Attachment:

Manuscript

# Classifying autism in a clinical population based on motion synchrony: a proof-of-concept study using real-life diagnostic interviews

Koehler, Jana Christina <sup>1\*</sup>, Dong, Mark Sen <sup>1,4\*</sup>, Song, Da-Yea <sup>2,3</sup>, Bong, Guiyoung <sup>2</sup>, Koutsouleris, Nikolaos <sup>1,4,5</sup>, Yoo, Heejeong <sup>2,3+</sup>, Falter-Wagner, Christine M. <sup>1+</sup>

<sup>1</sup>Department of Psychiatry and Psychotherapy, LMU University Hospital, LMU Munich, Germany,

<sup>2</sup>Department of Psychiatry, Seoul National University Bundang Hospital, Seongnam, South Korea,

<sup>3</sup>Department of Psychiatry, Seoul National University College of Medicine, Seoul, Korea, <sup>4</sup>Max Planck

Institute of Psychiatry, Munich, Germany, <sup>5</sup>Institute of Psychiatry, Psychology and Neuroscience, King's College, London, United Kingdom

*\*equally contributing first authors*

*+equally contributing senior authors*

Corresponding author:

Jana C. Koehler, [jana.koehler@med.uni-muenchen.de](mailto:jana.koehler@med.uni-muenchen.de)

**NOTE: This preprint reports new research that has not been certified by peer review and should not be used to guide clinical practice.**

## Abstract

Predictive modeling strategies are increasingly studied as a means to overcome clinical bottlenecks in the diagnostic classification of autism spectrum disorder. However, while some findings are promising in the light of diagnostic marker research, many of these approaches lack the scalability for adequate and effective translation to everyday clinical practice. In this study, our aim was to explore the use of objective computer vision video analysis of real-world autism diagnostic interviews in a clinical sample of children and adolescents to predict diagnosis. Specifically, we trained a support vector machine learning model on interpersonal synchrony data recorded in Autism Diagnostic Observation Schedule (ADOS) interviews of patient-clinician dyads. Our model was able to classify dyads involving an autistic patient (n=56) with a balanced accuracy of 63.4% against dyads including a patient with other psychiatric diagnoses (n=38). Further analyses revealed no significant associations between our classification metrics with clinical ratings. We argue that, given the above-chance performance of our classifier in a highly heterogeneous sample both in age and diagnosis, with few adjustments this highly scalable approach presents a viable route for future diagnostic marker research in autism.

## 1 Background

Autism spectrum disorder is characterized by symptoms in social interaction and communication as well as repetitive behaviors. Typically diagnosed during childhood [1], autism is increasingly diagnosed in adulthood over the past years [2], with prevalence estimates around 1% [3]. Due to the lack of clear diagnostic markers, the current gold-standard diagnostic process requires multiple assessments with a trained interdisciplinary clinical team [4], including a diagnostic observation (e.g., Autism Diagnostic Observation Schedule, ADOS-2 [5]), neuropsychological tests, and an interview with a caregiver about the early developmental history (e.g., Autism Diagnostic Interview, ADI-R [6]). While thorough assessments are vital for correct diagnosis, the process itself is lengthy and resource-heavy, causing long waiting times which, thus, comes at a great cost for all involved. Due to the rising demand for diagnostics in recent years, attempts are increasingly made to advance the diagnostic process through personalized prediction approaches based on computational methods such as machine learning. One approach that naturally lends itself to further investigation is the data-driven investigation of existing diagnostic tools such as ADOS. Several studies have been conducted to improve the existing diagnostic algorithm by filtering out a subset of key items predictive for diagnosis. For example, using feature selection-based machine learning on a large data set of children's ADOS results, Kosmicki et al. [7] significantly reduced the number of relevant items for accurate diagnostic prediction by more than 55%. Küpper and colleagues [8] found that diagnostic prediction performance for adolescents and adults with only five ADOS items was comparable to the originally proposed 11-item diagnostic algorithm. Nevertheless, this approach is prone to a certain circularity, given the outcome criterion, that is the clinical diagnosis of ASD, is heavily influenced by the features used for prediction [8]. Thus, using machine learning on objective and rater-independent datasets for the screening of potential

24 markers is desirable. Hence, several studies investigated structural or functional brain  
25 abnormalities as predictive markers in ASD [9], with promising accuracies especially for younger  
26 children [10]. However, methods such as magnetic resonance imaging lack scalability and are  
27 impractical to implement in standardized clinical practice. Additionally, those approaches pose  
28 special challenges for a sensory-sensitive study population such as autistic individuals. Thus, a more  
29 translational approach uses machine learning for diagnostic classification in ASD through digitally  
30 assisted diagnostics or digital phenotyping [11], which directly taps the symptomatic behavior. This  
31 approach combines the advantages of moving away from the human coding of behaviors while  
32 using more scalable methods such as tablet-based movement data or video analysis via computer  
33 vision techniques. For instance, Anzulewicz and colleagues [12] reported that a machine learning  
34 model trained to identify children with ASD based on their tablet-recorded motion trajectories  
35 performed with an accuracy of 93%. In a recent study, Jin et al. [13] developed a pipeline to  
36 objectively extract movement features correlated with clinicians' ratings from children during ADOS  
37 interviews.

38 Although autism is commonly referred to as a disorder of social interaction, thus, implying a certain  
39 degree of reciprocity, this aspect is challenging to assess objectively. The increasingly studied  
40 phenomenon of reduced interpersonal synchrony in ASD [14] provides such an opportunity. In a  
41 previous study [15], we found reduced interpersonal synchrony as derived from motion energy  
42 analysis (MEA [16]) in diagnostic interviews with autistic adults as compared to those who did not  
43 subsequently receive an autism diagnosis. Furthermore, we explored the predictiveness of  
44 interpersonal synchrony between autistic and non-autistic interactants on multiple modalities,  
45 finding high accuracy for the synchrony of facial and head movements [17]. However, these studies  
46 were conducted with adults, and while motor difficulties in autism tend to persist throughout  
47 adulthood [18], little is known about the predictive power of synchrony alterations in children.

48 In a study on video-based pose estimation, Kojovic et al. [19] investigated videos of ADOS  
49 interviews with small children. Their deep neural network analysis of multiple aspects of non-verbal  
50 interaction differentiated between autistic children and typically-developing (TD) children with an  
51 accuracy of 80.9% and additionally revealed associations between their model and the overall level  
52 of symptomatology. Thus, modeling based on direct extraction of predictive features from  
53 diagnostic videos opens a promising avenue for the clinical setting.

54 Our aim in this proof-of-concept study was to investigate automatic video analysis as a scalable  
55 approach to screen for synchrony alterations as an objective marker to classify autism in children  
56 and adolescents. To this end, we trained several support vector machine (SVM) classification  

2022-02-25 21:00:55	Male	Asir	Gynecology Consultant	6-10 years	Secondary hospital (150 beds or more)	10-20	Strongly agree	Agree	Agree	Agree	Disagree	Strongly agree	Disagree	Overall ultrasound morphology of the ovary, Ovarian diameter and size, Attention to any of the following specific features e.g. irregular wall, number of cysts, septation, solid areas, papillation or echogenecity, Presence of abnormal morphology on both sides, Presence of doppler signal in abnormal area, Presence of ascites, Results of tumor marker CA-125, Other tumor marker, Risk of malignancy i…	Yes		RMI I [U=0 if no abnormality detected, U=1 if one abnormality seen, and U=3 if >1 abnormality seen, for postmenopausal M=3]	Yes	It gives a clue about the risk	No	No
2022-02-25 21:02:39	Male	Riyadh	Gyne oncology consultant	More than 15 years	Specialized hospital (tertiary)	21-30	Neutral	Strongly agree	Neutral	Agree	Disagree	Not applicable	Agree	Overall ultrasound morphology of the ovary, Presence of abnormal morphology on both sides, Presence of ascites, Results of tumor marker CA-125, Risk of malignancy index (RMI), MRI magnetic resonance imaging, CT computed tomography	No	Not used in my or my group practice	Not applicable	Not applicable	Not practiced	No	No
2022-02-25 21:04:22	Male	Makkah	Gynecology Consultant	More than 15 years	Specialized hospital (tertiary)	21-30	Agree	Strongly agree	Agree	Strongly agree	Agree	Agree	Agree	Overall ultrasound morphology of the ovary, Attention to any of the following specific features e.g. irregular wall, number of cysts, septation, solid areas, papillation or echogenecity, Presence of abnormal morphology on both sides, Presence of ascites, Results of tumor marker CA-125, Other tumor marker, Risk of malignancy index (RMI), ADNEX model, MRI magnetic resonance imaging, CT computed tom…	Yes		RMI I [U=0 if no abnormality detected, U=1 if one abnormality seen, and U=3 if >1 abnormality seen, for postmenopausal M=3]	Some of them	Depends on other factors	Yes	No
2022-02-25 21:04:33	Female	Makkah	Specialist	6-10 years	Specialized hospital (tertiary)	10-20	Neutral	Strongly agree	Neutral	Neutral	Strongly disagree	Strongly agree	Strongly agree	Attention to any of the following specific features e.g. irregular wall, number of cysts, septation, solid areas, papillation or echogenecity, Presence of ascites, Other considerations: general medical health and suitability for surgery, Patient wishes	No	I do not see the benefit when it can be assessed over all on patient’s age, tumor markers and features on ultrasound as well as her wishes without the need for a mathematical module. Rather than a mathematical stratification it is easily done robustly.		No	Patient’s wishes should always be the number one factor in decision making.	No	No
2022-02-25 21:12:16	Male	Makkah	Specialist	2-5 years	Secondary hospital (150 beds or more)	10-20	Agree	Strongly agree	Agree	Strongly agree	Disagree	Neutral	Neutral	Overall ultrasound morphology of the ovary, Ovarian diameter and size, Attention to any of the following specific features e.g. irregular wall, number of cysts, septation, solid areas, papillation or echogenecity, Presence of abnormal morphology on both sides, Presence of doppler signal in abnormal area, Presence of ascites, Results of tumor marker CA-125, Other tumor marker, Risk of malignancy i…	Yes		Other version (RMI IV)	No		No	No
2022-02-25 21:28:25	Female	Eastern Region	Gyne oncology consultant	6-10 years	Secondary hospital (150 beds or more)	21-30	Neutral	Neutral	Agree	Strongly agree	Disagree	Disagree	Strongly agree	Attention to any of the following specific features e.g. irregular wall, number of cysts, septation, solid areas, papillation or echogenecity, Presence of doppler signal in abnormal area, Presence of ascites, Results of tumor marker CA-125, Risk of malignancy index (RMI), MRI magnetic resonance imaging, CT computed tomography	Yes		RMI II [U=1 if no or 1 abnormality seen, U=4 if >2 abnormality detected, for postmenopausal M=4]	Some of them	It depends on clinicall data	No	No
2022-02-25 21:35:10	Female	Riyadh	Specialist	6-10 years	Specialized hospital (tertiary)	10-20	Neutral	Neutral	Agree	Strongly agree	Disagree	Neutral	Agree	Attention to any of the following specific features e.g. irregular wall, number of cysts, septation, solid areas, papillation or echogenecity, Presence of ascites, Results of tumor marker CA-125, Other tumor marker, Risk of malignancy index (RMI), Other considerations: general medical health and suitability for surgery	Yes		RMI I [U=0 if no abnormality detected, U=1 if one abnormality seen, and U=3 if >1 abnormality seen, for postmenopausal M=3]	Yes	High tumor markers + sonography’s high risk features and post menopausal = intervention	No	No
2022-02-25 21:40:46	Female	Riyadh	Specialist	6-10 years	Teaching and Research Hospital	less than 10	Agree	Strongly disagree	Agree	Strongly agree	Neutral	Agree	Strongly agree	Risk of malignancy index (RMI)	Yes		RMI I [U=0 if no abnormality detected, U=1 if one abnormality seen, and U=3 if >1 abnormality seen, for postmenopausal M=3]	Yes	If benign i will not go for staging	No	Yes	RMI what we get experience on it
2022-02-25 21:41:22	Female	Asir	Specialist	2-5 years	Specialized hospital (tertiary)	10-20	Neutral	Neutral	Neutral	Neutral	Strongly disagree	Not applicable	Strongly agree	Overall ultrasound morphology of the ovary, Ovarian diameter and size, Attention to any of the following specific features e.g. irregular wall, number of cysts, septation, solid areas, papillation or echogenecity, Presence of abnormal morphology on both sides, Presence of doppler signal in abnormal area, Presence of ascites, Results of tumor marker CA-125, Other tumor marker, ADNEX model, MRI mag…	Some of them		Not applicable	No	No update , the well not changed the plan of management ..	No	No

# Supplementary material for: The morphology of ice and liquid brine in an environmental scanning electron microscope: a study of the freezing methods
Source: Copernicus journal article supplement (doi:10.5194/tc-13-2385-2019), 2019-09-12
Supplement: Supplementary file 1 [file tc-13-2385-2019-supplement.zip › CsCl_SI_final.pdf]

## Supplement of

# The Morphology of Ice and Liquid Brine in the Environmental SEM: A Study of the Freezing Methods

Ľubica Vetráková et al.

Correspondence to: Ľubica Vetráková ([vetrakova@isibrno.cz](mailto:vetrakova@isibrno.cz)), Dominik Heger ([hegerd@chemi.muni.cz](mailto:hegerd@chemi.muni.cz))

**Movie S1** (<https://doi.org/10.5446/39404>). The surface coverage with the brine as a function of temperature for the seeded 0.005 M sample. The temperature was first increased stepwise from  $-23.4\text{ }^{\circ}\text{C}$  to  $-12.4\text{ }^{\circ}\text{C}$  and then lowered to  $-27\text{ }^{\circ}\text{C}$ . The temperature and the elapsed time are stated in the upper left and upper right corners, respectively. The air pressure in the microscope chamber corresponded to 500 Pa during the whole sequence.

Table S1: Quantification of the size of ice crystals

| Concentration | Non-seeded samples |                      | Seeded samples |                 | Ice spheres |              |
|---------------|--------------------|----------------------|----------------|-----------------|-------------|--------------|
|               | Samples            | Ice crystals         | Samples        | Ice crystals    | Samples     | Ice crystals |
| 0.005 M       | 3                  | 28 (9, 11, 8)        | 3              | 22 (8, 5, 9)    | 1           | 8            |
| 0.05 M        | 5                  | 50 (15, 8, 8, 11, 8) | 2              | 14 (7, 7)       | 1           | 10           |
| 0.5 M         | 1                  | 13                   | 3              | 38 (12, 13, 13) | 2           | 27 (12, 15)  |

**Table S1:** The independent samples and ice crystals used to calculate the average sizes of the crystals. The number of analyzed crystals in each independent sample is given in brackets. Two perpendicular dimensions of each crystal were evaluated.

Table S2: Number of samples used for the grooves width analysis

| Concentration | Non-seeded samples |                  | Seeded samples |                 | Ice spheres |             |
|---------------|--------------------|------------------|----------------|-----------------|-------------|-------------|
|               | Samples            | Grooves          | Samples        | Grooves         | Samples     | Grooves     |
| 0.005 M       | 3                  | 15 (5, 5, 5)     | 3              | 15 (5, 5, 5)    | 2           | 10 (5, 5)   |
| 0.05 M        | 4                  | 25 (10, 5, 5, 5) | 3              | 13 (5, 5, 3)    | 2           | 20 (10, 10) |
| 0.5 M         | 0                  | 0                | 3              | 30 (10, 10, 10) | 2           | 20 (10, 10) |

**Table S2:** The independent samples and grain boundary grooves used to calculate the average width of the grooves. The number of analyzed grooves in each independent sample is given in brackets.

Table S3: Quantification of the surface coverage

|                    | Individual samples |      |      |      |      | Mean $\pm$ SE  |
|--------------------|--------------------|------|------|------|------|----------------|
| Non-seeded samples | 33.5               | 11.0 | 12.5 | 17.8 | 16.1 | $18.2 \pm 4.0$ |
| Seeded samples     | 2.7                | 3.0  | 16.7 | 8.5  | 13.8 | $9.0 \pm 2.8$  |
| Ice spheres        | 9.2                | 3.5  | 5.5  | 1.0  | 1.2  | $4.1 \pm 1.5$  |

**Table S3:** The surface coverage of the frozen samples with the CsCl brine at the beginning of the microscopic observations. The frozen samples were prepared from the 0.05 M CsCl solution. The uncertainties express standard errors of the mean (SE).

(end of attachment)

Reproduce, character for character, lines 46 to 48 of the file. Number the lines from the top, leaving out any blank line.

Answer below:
53 diagnostic videos opens a promising avenue for the clinical setting.

54 Our aim in this proof-of-concept study was to investigate automatic video analysis as a scalable  
55 approach to screen for synchrony alterations as an objective marker to classify autism in children  